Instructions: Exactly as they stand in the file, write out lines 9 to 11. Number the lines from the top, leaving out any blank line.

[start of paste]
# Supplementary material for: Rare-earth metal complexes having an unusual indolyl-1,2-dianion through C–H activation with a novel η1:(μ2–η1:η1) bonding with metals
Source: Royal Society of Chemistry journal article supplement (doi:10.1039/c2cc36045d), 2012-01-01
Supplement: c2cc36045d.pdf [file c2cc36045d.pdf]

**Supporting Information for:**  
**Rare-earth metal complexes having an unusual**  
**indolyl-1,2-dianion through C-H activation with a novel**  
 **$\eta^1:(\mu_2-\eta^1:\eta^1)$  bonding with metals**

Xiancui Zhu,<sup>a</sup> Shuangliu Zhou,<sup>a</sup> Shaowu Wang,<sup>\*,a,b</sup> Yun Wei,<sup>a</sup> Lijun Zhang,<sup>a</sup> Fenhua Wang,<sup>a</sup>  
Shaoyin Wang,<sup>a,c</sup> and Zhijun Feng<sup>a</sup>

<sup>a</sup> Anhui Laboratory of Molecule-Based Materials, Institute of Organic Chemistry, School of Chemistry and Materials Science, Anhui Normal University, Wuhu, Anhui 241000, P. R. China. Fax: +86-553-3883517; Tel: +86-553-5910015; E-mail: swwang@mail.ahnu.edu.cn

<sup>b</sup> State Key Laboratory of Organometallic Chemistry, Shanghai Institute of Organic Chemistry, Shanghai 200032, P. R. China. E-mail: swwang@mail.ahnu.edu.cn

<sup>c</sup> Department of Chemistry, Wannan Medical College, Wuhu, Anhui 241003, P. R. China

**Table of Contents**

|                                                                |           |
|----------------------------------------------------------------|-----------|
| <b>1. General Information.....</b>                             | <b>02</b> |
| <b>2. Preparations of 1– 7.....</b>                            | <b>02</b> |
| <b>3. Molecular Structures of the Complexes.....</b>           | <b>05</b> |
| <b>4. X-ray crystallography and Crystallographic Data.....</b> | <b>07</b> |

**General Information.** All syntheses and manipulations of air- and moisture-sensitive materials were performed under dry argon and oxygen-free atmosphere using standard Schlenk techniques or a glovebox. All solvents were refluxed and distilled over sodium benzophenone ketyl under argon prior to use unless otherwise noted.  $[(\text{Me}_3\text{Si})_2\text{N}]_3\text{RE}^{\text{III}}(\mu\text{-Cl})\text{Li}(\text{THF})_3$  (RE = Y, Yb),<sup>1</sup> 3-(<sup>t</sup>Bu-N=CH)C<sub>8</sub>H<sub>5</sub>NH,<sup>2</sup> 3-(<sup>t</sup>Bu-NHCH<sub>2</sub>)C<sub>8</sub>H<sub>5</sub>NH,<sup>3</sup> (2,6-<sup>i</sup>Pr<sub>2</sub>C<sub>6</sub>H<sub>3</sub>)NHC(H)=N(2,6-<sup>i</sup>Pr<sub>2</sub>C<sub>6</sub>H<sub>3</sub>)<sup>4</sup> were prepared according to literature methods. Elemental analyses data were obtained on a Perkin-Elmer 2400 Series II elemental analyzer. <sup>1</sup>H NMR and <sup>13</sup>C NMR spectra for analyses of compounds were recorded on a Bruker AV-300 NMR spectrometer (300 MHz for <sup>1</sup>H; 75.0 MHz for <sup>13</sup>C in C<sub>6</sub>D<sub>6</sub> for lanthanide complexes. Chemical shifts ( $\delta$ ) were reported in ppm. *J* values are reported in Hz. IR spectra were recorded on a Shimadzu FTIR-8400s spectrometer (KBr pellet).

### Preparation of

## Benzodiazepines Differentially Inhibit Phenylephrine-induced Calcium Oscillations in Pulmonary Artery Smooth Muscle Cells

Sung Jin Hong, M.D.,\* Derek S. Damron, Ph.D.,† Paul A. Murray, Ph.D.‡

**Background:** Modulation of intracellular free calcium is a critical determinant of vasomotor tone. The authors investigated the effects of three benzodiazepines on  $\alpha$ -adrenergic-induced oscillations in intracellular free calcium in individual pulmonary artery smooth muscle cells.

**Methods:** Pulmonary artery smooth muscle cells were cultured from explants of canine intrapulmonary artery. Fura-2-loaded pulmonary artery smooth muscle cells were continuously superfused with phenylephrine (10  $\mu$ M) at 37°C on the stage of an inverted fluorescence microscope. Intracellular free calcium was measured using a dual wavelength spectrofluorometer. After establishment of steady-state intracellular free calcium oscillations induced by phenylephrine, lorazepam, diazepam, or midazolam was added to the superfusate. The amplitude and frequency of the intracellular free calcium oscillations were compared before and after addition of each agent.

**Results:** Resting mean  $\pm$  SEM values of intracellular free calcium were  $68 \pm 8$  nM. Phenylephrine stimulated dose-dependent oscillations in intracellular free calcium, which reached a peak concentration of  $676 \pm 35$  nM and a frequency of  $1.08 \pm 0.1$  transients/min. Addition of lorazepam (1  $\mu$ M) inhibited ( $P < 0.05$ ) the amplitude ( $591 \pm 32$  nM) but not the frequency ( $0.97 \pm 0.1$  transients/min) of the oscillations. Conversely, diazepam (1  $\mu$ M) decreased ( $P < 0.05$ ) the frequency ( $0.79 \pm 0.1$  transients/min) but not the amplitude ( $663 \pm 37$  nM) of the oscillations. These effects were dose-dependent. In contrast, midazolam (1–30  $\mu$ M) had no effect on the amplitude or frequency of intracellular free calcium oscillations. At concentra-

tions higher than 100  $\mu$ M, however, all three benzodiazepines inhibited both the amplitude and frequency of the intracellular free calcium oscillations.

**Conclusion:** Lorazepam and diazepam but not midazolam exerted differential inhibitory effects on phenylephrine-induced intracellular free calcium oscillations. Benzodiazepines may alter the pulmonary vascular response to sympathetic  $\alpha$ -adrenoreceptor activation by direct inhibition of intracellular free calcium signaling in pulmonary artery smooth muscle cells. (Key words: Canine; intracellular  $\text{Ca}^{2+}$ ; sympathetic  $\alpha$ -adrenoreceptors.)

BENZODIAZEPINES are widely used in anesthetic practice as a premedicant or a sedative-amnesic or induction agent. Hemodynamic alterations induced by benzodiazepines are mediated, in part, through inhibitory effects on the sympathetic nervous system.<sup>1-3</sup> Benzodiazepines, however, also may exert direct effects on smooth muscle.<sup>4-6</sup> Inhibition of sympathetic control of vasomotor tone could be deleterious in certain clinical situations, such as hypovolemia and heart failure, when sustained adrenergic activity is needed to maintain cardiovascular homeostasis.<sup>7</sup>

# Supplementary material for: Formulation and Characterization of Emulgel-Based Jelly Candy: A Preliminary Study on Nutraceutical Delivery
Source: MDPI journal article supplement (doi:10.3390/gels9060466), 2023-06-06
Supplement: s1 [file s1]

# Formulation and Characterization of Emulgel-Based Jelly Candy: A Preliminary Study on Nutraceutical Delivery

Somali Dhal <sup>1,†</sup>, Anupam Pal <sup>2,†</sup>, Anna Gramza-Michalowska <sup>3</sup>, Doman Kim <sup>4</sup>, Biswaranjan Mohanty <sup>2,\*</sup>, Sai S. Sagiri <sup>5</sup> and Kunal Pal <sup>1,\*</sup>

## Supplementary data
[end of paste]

Shaoyin Wang,<sup>a,c</sup> and Zhijun Feng<sup>a</sup>

<sup>a</sup> Anhui Laboratory of Molecule-Based Materials, Institute of Organic Chemistry, School of Chemistry and Materials Science, Anhui Normal University, Wuhu, Anhui 241000, P. R. China. Fax: +86-553-3883517; Tel: +86-553-5910015; E-mail: swwang@mail.ahnu.edu.cn

<sup>b</sup> State Key Laboratory of Organometallic Chemistry, Shanghai Institute of Organic Chemistry, Shanghai 200032, P. R. China. E-mail: swwang@mail.ahnu.edu.cn